Lovely and lyrical are two words that identify and epitomize the Academy Award-winning, Grammy Award-winningBest Musical Theater Album and multiple Tony Awards including Best Musical “ONCE.” Well deserving of all these accolades, “ONCE” is gracing the stage of the Ivoryton Playhouse in Ivoryton until Sunday, October 14 and it is worth the drive in this glorious autumn season from anywhere in the state.While an Irish bloke simply known as Guy, a sensitive Sam Sherwood, is singing his music and playing his guitar, a feisty and opinionated girl from Czechoslovakia, an inspiring Katie Barton, wanders in to the tavern in Dublin and recognizes his talent. Not shy, she immediately confronts him and becomes his muse. As it happens, Guy was on the verge of chucking his musical career andbecoming a full time Hoover man, a repairman for vacuums, with his Da (Don Noble).
Wouldn’t you know it, the Girl has a Hoover that will not suck and soon they are making beautiful music together as she adds her piano talents to his tunes. A lively chorus of musicians playing banjo, guitar, accordion, bass, drums and violin enrich and enliven the festive scene as the pair work to rescue his failing career and his sagging love life and restore his equilibrium. Based on a book by Enda Walsh and music and lyrics by Glen Hansard and Marketa Irglova, “ONCE” is a thrilling and unforgettable homage to love and to life.
Come meet an engaging street musician with a delightful brogue still evident who is about to abandon his dreams as being hopeless. Just as he is going to close his guitar case forever, he is approached by a lively young lass from an exotic place who stirs in him sparks of innovation that ignite in flames and creative conflagration.
Call it penicillin or Prozac, but when the new girl enters the guy's life, miraculous things start to happen. He is still caught in an old relationship, and even though his ex-girlfriend has moved to New York he can't forget her. The girl offers to help him win her back, trading her assistance by playing the piano in exchange for his skills in fixing her broken vacuum cleaner.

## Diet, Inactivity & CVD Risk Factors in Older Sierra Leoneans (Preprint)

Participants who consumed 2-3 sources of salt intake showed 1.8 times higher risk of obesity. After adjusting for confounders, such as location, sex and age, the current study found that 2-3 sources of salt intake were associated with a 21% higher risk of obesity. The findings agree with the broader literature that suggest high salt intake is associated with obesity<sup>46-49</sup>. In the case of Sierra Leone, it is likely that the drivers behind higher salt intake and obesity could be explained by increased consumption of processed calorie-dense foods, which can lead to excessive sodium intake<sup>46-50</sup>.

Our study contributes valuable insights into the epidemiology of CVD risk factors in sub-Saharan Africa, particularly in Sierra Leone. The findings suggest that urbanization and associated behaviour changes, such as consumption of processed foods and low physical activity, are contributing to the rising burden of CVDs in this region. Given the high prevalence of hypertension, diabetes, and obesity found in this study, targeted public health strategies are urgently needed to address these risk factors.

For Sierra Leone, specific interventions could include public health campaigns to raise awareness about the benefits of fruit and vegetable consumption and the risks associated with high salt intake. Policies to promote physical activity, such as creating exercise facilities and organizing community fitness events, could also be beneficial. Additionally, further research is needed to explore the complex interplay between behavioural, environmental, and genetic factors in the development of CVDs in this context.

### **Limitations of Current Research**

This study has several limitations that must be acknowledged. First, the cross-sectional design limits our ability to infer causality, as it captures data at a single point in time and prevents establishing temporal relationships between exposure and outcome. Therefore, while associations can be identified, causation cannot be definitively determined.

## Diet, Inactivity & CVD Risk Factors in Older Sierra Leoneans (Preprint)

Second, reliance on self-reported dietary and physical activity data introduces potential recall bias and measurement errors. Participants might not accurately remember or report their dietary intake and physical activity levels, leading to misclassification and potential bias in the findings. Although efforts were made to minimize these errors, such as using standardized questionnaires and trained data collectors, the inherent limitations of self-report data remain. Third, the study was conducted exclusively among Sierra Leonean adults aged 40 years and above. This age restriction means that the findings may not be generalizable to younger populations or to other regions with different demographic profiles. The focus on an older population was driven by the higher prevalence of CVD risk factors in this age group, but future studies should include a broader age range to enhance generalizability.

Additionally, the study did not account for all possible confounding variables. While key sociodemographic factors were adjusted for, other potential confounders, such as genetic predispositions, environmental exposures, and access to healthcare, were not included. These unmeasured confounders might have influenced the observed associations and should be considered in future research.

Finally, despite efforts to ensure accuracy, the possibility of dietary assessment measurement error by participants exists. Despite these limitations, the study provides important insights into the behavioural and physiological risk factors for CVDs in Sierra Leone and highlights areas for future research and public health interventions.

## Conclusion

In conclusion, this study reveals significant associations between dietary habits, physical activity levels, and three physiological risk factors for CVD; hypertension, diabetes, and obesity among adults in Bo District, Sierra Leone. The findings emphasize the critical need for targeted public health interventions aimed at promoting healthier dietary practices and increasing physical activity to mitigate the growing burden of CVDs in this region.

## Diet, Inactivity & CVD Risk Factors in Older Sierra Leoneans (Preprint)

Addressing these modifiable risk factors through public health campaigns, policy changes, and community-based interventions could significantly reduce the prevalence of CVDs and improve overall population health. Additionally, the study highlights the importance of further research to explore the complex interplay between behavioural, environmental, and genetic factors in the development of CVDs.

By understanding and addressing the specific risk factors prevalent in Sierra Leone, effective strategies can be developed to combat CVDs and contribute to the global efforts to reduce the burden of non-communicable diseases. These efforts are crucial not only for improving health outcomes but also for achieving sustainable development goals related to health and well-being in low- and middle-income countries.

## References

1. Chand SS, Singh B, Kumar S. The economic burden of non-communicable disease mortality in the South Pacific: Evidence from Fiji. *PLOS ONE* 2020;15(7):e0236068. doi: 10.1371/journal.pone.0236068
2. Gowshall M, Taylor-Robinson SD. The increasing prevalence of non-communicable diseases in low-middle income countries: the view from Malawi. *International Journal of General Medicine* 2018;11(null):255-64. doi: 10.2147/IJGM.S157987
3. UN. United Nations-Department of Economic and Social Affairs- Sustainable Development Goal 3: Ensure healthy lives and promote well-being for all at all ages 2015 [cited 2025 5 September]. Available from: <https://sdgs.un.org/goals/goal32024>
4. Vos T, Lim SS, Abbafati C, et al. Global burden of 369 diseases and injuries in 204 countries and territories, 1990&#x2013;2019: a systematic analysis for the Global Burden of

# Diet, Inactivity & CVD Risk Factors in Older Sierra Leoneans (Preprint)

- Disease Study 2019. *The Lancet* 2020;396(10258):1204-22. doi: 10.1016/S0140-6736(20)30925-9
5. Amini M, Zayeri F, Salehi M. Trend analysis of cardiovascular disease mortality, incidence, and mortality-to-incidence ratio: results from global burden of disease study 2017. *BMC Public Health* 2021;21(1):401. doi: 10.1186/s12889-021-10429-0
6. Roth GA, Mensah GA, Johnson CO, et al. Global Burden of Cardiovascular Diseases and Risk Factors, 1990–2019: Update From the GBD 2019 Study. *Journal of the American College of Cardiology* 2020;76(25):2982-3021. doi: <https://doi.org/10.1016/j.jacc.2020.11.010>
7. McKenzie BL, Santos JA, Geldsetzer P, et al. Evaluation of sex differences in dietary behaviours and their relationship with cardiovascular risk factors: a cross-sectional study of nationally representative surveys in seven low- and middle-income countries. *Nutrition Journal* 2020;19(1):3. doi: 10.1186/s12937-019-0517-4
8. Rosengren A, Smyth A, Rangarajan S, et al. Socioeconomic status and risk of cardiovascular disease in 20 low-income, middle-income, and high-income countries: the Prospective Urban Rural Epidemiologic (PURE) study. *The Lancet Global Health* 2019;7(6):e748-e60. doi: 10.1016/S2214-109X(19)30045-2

The girl with her daughter Ivonka (Cadyn Malary) establishes a firm place in guy's life, writing new songs with him and arranging a meeting with a bank manager (Andreina Kasper) to secure loans so he can move to the Big Apple and win back his old love.
Lyrical ballads like "Gold," "Falling Slowly," "The Hill" and "It Can't Be About That" propel the story and build to the point where the guy regains faith in his own abilities. Clearly the two have given each other gifts, in words and music, that will sustain them as their paths intersect and separate. Ben Hope directs this song filled joy with a sensitive hand.
For tickets ($55, seniors $50,students $25, children $20), call the Ivoryton Playhouse, 103 Main Street, Ivoryton at 860-767-7318 or online at www.ivorytonplayhouse.org. Performances are Wednesday- Thursday at 7:30 p.m., Friday at 8 p.m., Saturday at and 8 p.m. and Wednesday and Sunday at 2 p.m.
Watch for the Fourth Annual Fall Golf Classic on Monday, October 8. Call 860-767-9520 ext. 205 for more information. An old fashioned day of joy will take pace on the Ivoryton Village Green on October 20, from 5-7 p.m., a Pumpkin Festival for the whole family.
Visit a bar in Dublin, where all the performers are also the musicians and are on stage the whole time. The festivities start fifteen minutes before showtime. Take a journey of discovery with one girl and one guy. The message is clear: "To live you have to love."